Just the Right Fit, Today & Tomorrow

The beauty of the ultralightweight wheelchair is how well it can adapt to its user from the start, and going forward.

“Our bodies change over the years,” Rosen said. “I think people forget that people who use chairs age as well. Their bodies change, some of their morphology changes, and we need to adjust chairs to that. That’s the nice thing about a K0005: I can dial in and change [specifications] so I’m sure I get it exactly right for you. Even the best chair on the market is bad if it doesn’t fit you right and do what you need. I will never force somebody to change [their chair], but I always talk to them about how as we age, our needs change. You’re older, your body has changed.”

The K0005 is uniquely positioned to fit the human condition, whatever that means for any given client. It could be a C6 spinal cord injury client who needs a very carefully balanced chair: “You can’t necessarily put that axle as far forward as you want, because the chair’s too tippy for a quadriplegic,” Rosen said. “A lot of higher-level injuries need the wheels a little further back for some stability. I have to play with the axle position for every single person who comes into my office.”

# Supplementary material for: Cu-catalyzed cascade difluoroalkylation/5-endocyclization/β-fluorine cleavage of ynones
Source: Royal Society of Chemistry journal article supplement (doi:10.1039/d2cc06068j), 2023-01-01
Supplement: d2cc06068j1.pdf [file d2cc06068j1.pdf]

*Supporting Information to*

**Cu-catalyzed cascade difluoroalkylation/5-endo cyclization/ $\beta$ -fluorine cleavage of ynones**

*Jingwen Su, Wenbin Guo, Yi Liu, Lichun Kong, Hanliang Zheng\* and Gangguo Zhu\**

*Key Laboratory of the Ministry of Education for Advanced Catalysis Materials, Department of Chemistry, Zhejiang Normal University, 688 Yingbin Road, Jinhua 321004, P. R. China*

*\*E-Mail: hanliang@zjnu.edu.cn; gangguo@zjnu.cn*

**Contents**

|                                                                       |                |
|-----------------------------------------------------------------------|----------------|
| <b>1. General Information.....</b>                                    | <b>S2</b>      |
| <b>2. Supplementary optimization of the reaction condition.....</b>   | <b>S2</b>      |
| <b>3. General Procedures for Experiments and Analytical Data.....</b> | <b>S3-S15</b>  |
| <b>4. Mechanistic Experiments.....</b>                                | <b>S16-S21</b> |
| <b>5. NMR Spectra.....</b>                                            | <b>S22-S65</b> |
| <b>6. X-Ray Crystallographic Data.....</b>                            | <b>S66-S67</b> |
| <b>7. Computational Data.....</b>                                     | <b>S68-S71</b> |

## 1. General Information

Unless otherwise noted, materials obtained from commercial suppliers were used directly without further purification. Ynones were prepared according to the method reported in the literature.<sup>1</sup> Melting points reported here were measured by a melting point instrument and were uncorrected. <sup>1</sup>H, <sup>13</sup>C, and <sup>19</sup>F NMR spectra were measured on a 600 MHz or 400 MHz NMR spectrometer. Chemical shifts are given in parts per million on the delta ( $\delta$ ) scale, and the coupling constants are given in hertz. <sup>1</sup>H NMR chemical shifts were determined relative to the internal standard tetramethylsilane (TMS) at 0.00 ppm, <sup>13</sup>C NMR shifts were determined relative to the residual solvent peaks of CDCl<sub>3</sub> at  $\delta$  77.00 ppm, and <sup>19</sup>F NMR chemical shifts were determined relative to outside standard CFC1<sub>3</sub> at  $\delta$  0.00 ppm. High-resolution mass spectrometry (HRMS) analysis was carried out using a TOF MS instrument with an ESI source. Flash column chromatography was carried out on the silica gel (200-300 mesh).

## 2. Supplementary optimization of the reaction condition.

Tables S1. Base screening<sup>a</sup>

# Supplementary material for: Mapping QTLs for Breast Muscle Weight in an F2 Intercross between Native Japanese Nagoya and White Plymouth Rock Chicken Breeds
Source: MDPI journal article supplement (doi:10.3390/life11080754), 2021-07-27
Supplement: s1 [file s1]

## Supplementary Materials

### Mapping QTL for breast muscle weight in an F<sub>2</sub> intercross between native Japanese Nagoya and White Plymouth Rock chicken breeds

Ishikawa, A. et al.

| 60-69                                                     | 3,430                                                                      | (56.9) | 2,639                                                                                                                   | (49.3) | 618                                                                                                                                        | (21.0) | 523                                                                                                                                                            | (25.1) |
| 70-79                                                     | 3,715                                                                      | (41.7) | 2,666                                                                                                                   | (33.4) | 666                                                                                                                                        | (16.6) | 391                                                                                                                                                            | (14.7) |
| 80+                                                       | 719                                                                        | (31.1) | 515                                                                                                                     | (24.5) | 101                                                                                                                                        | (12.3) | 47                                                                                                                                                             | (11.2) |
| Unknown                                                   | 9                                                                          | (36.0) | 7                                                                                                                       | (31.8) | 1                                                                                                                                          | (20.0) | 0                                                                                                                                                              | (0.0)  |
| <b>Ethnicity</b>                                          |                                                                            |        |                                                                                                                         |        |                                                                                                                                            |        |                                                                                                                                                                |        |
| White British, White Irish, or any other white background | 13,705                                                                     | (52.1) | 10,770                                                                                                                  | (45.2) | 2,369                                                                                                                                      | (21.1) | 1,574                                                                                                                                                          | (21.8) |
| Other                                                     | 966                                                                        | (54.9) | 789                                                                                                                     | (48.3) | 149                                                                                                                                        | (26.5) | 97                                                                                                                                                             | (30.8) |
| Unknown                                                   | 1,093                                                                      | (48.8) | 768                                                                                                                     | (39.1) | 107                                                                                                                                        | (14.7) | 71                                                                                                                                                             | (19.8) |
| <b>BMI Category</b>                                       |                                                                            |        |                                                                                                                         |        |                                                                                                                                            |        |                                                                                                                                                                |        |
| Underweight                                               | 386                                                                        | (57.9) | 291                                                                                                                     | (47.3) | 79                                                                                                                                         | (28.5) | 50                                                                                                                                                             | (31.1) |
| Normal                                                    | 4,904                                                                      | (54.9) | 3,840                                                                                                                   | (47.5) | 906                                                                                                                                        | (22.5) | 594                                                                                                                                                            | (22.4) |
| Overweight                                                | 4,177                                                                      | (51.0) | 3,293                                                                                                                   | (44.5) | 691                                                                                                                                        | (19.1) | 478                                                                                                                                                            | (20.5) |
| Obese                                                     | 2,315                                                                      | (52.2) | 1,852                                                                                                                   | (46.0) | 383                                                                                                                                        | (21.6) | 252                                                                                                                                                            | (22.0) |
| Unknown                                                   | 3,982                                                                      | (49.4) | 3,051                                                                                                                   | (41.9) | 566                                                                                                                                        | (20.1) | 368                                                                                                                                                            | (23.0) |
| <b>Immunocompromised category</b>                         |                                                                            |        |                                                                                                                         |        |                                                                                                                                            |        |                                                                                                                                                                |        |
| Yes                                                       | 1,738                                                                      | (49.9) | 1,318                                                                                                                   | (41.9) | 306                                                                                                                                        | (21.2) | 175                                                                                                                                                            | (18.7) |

Or it could just be someone looking to get through the day a little more smoothly. “We all know those days where we’re just getting through,” Rosen said. “If you set somebody up in a bad wheelchair, every day they’re just getting through. To me, our job as therapists and suppliers providing this equipment is making sure that our equipment makes these individuals see less and less of the limitations, and dream and want to be able to do anything. My kids [in clinic] hop in their chairs and go, and don’t even think twice about the fact that they’re in a wheelchair. It’s no big deal to them, because the wheelchair is so empowering.”

This article originally appeared in the June 2019 issue of Mobility Management.